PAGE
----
This page contains information on various historical studies I have carried out over the past few years, on Black Country and wider Midlands history. It will be appreciated that this is not my main discipline and I am very much an interested amateur in this field. I have three particular areas of interest.
- Detailed research of the history of the Kingswinford / Pensnett area contained in the ebook Kingswinford Manor and Parish.
- The English Midlands in late antiquity – more speculative work on the history of Mercia and the Lichfield area in the post Roman period.
- Research into the Baker Family Tree, which shows that my ancestors were not perhaps the most adventurous.
This page also contains links to blog posts and presentations in this area, and links to a small number of published articles.
Historical Studies blog posts
Kingswinford, Pensnett and the Black Country
The Pensnett Saxhorn Band. A post describing the life and times of the Pensnett Saxhorn Band in the mid-nineteenth century, giving a snapshot of some aspects of Black Country cultural life at the time. (March 30th 2021)
The Tiled House Estate. More extracts from Kingswinford Manor and Parish describing the development of the Tiled House Estate in Pensnett from a large arable farm to a centre of coal mining and then to a large estate of council houses. (March 29th 2021)
Kingswinford Landowners and Industrialists in the 19th Century – some surprising names. A short blog post on some notable (and unexpected) 19th century landowners and industrialists in Kingswinford parish – a member of the Lunar Society, a Count of the Holy Roman Empire, and a future prime minister. (March 9th 2021)
Over the next few months I will add blog posts here that are edited extracts from Kingswinford Manor and Parish – I have found that many prefer short posts to downloading the entire document, which is understandable enough. The first three such posts describe the major families that dominated the life of Kingswinford Manor from the fourteenth to the nineteenth centuries – the Corbyns, the Bendys and the Hodgetts.
Cricket and Football in Pensnett in the Nineteenth Century. This was originally intended as a simple extract from Kingswinford Manor and Parish (KMAP). However when I looked at the material, I realised it was one of the first parts of KMAP that was written in around 2015, and more newspaper material has appeared on the web since then. So this is an update to what was in KMAP, which has in turn led to a revision in KMAP itself. All very complicated. The post itself is much more straightforward – a brief description of the sporting scene in Pensnett from around 1860 to 1900. (November 21st 2020)
Kingswinford Tithe Agreement. A study of the Kingswinford Tithe Agreement of 1839. (October 14th 2020)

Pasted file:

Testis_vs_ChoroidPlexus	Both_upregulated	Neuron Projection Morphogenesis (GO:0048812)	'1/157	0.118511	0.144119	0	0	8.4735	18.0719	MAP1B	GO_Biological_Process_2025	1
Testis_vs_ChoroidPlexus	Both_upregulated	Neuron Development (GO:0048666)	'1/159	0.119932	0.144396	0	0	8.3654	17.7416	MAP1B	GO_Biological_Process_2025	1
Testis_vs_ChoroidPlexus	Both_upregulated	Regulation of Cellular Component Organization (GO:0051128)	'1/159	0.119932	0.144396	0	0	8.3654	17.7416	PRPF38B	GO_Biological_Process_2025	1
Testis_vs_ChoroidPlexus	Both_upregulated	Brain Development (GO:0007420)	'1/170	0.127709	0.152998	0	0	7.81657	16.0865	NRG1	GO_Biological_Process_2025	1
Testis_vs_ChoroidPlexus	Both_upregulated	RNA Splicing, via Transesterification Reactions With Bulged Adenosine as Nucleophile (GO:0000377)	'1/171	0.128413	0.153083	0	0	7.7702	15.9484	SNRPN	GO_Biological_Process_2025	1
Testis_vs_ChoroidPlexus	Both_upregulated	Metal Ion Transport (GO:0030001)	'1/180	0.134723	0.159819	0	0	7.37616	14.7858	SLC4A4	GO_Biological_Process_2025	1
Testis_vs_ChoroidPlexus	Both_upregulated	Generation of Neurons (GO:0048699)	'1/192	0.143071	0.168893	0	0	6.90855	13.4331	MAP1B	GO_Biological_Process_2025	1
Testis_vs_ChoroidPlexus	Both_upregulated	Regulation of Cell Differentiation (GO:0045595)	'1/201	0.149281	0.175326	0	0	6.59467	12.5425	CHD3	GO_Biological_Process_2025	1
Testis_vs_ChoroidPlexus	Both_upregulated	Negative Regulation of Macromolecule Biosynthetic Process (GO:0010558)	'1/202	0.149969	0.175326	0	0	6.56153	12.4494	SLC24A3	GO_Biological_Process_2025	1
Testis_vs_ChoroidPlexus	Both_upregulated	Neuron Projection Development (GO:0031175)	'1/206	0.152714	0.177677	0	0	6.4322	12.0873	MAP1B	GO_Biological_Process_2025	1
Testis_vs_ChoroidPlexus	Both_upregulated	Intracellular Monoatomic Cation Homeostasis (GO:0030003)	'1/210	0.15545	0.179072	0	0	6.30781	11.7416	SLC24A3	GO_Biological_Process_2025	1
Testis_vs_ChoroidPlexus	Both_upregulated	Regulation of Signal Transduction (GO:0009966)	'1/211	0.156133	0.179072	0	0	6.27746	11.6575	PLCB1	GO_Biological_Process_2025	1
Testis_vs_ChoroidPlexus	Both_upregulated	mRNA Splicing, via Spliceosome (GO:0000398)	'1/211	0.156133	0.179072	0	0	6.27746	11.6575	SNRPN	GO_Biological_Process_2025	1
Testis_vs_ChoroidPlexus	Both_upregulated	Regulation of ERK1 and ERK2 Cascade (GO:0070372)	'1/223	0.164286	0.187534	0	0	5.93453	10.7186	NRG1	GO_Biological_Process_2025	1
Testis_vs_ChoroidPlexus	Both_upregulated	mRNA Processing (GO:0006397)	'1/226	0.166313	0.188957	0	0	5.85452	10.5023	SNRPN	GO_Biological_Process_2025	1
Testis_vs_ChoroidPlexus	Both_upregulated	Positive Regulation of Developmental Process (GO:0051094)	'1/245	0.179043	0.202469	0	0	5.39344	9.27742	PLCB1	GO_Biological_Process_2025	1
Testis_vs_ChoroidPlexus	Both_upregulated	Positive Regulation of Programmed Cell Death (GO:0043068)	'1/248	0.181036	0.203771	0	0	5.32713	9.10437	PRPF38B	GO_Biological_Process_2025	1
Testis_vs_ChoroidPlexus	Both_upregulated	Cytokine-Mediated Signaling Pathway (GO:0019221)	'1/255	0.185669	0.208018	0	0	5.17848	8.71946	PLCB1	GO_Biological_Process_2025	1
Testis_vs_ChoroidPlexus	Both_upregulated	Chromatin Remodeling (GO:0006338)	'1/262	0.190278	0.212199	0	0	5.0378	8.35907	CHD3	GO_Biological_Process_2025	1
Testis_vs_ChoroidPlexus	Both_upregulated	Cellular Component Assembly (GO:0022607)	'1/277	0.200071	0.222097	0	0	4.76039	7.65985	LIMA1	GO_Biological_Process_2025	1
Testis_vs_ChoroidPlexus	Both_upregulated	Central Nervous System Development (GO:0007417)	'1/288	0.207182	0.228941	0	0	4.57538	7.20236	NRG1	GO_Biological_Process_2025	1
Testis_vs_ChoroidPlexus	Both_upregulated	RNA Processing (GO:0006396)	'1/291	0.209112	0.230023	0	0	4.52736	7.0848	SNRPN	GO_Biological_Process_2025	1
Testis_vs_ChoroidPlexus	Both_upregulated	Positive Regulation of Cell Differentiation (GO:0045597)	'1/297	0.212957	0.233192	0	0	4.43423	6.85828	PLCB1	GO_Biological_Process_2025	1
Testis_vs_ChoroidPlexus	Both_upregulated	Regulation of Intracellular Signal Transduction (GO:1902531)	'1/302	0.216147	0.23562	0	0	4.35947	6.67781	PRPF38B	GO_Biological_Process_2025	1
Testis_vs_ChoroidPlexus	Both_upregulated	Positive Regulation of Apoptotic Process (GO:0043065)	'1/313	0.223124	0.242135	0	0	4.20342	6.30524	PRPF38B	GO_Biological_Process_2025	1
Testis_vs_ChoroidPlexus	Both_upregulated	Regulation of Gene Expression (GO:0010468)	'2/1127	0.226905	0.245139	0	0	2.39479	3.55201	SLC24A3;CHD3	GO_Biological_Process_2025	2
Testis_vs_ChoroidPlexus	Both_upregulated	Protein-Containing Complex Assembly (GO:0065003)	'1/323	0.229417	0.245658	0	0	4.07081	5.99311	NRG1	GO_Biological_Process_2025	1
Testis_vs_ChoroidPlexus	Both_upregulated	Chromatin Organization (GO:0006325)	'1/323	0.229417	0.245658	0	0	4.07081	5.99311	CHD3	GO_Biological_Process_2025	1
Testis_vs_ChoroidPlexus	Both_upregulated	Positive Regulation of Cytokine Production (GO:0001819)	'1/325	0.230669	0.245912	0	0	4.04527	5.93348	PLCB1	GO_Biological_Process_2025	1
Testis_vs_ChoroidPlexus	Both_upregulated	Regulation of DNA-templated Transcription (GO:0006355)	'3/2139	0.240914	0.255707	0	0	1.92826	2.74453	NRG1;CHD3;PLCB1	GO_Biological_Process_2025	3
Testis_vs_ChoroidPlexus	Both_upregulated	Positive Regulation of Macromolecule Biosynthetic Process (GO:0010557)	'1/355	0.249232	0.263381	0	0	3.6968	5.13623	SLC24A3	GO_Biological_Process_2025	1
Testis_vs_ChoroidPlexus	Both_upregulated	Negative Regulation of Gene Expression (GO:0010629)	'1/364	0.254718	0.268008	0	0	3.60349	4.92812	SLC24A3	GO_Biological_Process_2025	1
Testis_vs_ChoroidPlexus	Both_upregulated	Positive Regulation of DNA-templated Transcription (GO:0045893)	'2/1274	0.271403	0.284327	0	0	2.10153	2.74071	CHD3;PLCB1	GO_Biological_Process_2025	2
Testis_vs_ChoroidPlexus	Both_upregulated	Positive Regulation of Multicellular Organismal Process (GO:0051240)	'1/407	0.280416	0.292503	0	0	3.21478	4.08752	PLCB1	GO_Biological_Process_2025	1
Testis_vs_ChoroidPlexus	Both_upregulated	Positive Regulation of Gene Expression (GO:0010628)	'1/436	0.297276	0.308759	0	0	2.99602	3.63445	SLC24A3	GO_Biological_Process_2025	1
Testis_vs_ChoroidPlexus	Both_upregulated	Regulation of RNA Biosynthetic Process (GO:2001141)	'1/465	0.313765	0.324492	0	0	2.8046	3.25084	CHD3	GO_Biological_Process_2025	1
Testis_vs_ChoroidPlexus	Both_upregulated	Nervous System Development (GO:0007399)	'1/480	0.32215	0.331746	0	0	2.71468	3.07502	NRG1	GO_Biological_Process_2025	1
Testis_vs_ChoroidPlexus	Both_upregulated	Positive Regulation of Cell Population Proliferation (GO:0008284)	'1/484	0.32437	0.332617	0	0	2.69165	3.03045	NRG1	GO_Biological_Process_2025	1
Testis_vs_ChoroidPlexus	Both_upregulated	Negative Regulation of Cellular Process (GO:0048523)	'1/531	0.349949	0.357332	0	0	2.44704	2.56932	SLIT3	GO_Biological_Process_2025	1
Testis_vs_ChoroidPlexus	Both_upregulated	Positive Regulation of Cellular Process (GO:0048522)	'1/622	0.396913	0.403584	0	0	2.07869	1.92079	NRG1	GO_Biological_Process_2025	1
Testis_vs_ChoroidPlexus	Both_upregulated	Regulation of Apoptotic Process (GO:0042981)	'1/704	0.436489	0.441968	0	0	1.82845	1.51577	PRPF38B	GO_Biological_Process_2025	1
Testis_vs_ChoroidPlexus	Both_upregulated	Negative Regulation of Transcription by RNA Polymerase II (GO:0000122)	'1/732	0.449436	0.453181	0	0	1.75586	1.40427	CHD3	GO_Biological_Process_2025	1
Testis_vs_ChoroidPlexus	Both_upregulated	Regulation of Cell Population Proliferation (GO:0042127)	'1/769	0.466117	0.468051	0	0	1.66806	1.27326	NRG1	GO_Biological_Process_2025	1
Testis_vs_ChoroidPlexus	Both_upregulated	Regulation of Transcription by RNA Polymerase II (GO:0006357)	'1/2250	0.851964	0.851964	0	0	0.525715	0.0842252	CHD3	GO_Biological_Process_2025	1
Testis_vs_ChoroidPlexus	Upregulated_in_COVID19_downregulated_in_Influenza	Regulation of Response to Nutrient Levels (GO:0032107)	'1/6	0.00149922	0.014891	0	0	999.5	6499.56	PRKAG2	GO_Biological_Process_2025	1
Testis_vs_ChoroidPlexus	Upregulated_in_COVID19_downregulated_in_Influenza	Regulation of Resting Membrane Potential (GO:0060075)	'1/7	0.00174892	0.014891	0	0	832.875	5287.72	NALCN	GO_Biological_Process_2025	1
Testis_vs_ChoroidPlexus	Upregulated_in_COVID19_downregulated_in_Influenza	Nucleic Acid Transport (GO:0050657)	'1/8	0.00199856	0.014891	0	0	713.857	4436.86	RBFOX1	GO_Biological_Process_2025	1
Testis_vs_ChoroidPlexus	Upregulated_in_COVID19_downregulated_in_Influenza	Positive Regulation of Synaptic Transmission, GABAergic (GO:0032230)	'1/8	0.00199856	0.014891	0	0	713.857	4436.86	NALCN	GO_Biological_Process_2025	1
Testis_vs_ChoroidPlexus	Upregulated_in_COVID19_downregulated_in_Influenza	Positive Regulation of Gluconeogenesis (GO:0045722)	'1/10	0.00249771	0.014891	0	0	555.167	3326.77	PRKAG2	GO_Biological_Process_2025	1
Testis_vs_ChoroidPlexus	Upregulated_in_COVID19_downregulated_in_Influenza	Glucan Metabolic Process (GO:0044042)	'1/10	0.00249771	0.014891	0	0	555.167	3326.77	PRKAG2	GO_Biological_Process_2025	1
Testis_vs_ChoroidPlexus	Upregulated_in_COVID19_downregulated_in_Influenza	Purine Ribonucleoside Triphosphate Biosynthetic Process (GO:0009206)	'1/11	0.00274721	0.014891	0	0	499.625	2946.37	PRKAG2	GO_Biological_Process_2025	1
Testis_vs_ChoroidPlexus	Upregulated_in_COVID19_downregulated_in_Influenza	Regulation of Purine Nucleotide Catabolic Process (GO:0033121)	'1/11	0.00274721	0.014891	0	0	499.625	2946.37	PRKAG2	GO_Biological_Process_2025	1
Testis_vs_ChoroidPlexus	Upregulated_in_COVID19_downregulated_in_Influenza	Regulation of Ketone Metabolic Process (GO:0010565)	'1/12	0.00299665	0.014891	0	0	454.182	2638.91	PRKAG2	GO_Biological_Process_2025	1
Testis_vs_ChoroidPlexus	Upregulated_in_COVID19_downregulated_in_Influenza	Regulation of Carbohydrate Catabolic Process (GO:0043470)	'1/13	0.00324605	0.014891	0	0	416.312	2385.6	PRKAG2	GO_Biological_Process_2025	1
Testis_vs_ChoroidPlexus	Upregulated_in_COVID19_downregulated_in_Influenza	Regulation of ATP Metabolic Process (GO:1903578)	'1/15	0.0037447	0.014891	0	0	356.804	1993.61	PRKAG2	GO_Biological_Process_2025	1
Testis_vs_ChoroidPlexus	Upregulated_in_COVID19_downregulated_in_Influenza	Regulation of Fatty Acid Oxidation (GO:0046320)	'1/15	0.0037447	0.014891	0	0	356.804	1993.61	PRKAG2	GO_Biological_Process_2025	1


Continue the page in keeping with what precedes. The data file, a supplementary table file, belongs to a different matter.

Kingswinford parish – associations with slavery. A brief investigation of the tenuous links between the commercial activity of the parish and slave-owning organisations in the 18th and 19th centuries. (July 11th 2020)
The Earl of Dudley’s Railway – Accidents and Incidents Using material taken from a search of newspapers between 1830 and 1920, this post looks at the sort of accidents that occurred on the Pensnett Railway to both railway workers and those who lived close by, and at the nature of crime on and around the railway. (May 19th 2020)
Corbyn’s Hall from above A description of the Corbyn’s Hall area in the 1950s from an aerial photographic archive. (April 21st 2020)
Coal mining in the Shut End and Corbyn’s Hall area This post looks the coal mines in the Shut End and Corbyn’s Hall area, using the extensive database on the Coal Authority website. (April 18th 2020)
The Shut End Primitive Methodist Chapel. These three posts are based on the Baptismal Register of the Shut End Primitive Methodist Chapel in Tansey Green, and look at the life of the chapel in the mid to late 19th century. (March 21st 2020)
The railways of Shut End and Corbyn’s Hall A detailed look at the industrial railways within and around the iron works at Corbyn’ Hall and Shut End. (March 2nd 2020)
Land exchanges in the Ashwood Enclosure Act of 1784 As well as new enclosure, the Ashwood Hay Enclosure Act of 1784 also formalised land exchanges from the previous century that consolidated plots in the old common fields of Kingswinford. This post briefly considers a few of these. (February 3rd 2020)
The Earl of Dudley’s Railway This post contains material from a talk given to a dining club that describes the growth and decline of the Earl of Dudley’s or Pensnett Railway. (January 24th 2020)
Lichfield and surroundings
- Lichfield’s First Station Master. A post that follows on from my posts on Lichfield Trent Valley Railway Station of September 28th and November 28th 2020, that looks at the career of Lichfield’s first Station Master, William Durrad. (January 15th 2021)
- The St. Michael Chalice of 1684. A very brief blog post with a photograph of a 1684 communion chalice from St Michael’s Lichfield, sold in the 1850s to pay for something more modern. (December 30th 2020)
- A historical curiosity – Fog Cottages. A brief post looking at the origins of the name of two rows of cottages at Lichfield Trent Valley and Rugeley Trent Valley stations. (November 3rd 2020)
- Lichfield Trent Valley 1847-1871. A look at one the earliest railway stations in the Lichfield area. (September 28th 2020)
- A study of the ancient prebends of Lichfield Cathedral. A post that uses information from the Staffordshire tithe maps in an attempt to recreate the early geography of the Lichfield area. (August 12th 2020)
- The Staffordshire Tithe Maps. An introduction to future posts that will look at what the recently uploaded Staffordshire Tithe Maps can tell us about the Lichfield area. (August 12th 2020)
- St Michael’s, Lichfield in the 19thcentury – an examination of the baptismal, marriage and burial registers for the church across the century. (June 17th 2020)
- St Michael’s church, Lichfield – Landscape, Topography and Archaeology St Michael’s church in Lichfield is an ancient church site. This post brings together archaeological and historical material that enables the development of the site to be better appreciated. (April 12th 2020)
- “That way madness lies” – the search for solar alignments in Lichfield The city of Lichfield lies on a rough midwinter solar alignment with the Bronze Age site at Catholme. This post investigates this further to see if this alignment is intentional or merely accidental. (April 12th 2020)